and slow intensity decay toward the outsides. The
total width of the beam profile is in the range of
15 mm. The sharp dips at 30 and 120 on the x axis
result from the target on the screen. To correct the
power measurement for different diameters of the
x Position (a.u.)
objective back opening and the Gaussian form of
the profile, one has to either know the intensity distribution within the beam to calculate the correct power or introduce an iris with an open diameter
corresponding to that of the objective. In the latter case, one directly measures the correct power value.
Intensity (a.u.)
© 2008 Nature Publishing Group http://www.nature.com/natureprotocols
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Figure 5 | Assembling of the refocusing unit. The
assembly of the iris and lens is shown. (a) Thread
adapter (here RMS to SM1), (b) calibrated iris that
is mounted to the thread adapter, (c) lens tube
that holds the lens centered on the iris, (d) short
focal length lens that focuses the beam onto the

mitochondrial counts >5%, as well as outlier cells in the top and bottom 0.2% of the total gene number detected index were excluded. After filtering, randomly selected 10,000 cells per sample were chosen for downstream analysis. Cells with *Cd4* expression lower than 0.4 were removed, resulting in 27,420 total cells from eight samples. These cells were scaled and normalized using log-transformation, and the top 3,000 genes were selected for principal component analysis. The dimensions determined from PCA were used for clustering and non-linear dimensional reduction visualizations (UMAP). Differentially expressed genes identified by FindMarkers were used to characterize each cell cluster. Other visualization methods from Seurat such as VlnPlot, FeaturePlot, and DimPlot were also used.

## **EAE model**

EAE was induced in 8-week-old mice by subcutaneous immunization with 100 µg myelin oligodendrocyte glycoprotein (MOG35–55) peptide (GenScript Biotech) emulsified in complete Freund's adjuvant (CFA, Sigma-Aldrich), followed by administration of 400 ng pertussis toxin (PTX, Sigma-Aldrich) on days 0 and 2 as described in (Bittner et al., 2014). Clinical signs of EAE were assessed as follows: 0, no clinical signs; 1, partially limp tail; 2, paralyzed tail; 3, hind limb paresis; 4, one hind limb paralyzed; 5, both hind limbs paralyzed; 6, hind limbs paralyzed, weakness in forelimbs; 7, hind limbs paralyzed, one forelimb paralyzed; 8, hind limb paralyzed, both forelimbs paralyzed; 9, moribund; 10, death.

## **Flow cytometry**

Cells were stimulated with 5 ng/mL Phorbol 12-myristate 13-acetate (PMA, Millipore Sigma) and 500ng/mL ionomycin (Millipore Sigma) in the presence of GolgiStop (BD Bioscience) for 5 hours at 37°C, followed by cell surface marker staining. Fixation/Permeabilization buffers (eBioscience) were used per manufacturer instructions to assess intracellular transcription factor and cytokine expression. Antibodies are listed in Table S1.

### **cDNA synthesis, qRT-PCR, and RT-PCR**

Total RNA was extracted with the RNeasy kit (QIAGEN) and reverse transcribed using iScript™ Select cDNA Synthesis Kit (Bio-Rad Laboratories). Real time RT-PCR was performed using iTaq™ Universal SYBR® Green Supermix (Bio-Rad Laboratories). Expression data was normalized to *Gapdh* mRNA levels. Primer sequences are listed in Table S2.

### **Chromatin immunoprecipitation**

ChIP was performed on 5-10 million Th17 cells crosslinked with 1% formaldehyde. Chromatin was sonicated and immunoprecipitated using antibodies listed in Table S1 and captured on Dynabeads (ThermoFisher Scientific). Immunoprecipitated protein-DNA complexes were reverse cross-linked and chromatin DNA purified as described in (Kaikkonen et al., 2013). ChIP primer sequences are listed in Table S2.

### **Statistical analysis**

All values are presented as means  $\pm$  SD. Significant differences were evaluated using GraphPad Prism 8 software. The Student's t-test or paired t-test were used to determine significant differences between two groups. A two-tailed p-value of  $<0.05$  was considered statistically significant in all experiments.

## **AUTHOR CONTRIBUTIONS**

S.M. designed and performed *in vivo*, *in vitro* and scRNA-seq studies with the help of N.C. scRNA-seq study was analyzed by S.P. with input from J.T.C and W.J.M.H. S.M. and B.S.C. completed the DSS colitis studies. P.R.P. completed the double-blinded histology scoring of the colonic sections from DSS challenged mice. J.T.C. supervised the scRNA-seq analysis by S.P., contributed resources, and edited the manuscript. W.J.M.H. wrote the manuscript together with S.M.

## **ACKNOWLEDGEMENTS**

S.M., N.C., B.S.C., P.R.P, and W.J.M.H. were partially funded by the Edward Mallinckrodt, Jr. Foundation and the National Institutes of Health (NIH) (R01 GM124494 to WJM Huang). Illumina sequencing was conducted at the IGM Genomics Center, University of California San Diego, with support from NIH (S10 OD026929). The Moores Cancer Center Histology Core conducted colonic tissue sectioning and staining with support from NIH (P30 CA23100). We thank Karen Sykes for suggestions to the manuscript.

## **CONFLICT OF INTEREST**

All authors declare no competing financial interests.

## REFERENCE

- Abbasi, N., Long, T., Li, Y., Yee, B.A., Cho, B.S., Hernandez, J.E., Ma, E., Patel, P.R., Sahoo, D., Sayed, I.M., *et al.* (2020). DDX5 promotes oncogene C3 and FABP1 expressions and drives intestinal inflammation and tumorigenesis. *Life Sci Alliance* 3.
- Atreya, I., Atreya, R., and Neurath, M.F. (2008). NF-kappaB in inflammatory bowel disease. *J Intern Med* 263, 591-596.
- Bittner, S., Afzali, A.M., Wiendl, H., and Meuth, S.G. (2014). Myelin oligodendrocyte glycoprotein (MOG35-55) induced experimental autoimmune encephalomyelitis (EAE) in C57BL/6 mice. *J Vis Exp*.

detector and (e) retaining ring that screws on top
of the lens into the lens tube to secure the lens.
(f) Fully assembled iris and focusing unit.
6| Mount the detector head onto the stage. Follow the appropriate protocol for your microscope stand as described. Inverted
stand: center the detector head with the open position down (facing the turret) on the stage inset. Use scotch tape to fix the
detector head. Upright stand: the distance between turret and stage is often smaller than it is with inverted stands. If you
cannot slide the detector head between the lens tube and the stage, you might be successful by rotating the lens tube
(turret) a little out of its position, sliding the detector head in and turning the lens tube back. (A dentist’s mirror has been proven helpful for beginners to see the beam on the detector surface (see Fig. 8) but has to be used carefully as light can be